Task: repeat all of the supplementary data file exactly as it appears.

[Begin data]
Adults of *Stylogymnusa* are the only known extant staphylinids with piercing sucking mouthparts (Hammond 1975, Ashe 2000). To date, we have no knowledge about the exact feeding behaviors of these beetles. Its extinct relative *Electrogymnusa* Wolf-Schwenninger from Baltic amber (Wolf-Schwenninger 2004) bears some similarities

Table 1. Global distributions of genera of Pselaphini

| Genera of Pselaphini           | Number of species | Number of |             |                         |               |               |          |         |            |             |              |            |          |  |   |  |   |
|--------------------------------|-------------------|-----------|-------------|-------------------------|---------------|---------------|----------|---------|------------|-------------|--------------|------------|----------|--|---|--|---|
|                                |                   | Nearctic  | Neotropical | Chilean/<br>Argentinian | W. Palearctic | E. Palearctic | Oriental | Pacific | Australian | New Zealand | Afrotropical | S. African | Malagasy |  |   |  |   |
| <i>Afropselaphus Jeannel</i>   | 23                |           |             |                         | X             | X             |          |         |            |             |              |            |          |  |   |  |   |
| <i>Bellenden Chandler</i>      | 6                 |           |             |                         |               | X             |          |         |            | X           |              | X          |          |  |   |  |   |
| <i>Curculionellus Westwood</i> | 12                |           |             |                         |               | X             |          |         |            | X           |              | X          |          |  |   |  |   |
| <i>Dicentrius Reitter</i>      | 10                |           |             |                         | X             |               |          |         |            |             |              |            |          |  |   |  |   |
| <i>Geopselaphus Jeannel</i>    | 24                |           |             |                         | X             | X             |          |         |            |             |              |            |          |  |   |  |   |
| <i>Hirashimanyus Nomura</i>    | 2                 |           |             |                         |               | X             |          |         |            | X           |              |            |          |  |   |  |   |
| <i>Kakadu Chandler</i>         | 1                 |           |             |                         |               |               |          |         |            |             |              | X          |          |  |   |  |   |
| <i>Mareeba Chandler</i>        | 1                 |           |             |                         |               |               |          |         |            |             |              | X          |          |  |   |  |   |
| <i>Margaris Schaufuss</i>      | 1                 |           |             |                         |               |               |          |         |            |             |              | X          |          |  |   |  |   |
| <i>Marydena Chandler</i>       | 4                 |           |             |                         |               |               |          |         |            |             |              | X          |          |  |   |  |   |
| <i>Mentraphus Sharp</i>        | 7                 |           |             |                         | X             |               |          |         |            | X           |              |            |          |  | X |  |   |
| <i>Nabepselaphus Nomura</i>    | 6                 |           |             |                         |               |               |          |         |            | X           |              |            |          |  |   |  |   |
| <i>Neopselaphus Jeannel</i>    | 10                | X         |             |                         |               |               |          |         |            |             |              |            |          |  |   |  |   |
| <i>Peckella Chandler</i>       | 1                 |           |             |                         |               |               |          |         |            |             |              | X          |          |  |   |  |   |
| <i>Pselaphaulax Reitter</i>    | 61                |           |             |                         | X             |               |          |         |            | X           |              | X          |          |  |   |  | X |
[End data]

Adults of *Stylogymnusa* are the only known extant staphylinids with piercing sucking mouthparts (Hammond 1975, Ashe 2000). To date, we have no knowledge about the exact feeding behaviors of these beetles. Its extinct relative *Electrogymnusa* Wolf-Schwenninger from Baltic amber (Wolf-Schwenninger 2004) bears some similarities

Table 1. Global distributions of genera of Pselaphini

| Genera of Pselaphini           | Number of species | Number of |             |                         |               |               |          |         |            |             |              |            |          |  |   |  |   |
|--------------------------------|-------------------|-----------|-------------|-------------------------|---------------|---------------|----------|---------|------------|-------------|--------------|------------|----------|--|---|--|---|
|                                |                   | Nearctic  | Neotropical | Chilean/<br>Argentinian | W. Palearctic | E. Palearctic | Oriental | Pacific | Australian | New Zealand | Afrotropical | S. African | Malagasy |  |   |  |   |
| <i>Afropselaphus Jeannel</i>   | 23                |           |             |                         | X             | X             |          |         |            |             |              |            |          |  |   |  |   |
| <i>Bellenden Chandler</i>      | 6                 |           |             |                         |               | X             |          |         |            | X           |              | X          |          |  |   |  |   |
| <i>Curculionellus Westwood</i> | 12                |           |             |                         |               | X             |          |         |            | X           |              | X          |          |  |   |  |   |
| <i>Dicentrius Reitter</i>      | 10                |           |             |                         | X             |               |          |         |            |             |              |            |          |  |   |  |   |
| <i>Geopselaphus Jeannel</i>    | 24                |           |             |                         | X             | X             |          |         |            |             |              |            |          |  |   |  |   |
| <i>Hirashimanyus Nomura</i>    | 2                 |           |             |                         |               | X             |          |         |            | X           |              |            |          |  |   |  |   |
| <i>Kakadu Chandler</i>         | 1                 |           |             |                         |               |               |          |         |            |             |              | X          |          |  |   |  |   |
| <i>Mareeba Chandler</i>        | 1                 |           |             |                         |               |               |          |         |            |             |              | X          |          |  |   |  |   |
| <i>Margaris Schaufuss</i>      | 1                 |           |             |                         |               |               |          |         |            |             |              | X          |          |  |   |  |   |
| <i>Marydena Chandler</i>       | 4                 |           |             |                         |               |               |          |         |            |             |              | X          |          |  |   |  |   |
| <i>Mentraphus Sharp</i>        | 7                 |           |             |                         | X             |               |          |         |            | X           |              |            |          |  | X |  |   |
| <i>Nabepselaphus Nomura</i>    | 6                 |           |             |                         |               |               |          |         |            | X           |              |            |          |  |   |  |   |
| <i>Neopselaphus Jeannel</i>    | 10                | X         |             |                         |               |               |          |         |            |             |              |            |          |  |   |  |   |
| <i>Peckella Chandler</i>       | 1                 |           |             |                         |               |               |          |         |            |             |              | X          |          |  |   |  |   |
| <i>Pselaphaulax Reitter</i>    | 61                |           |             |                         | X             |               |          |         |            | X           |              | X          |          |  |   |  | X |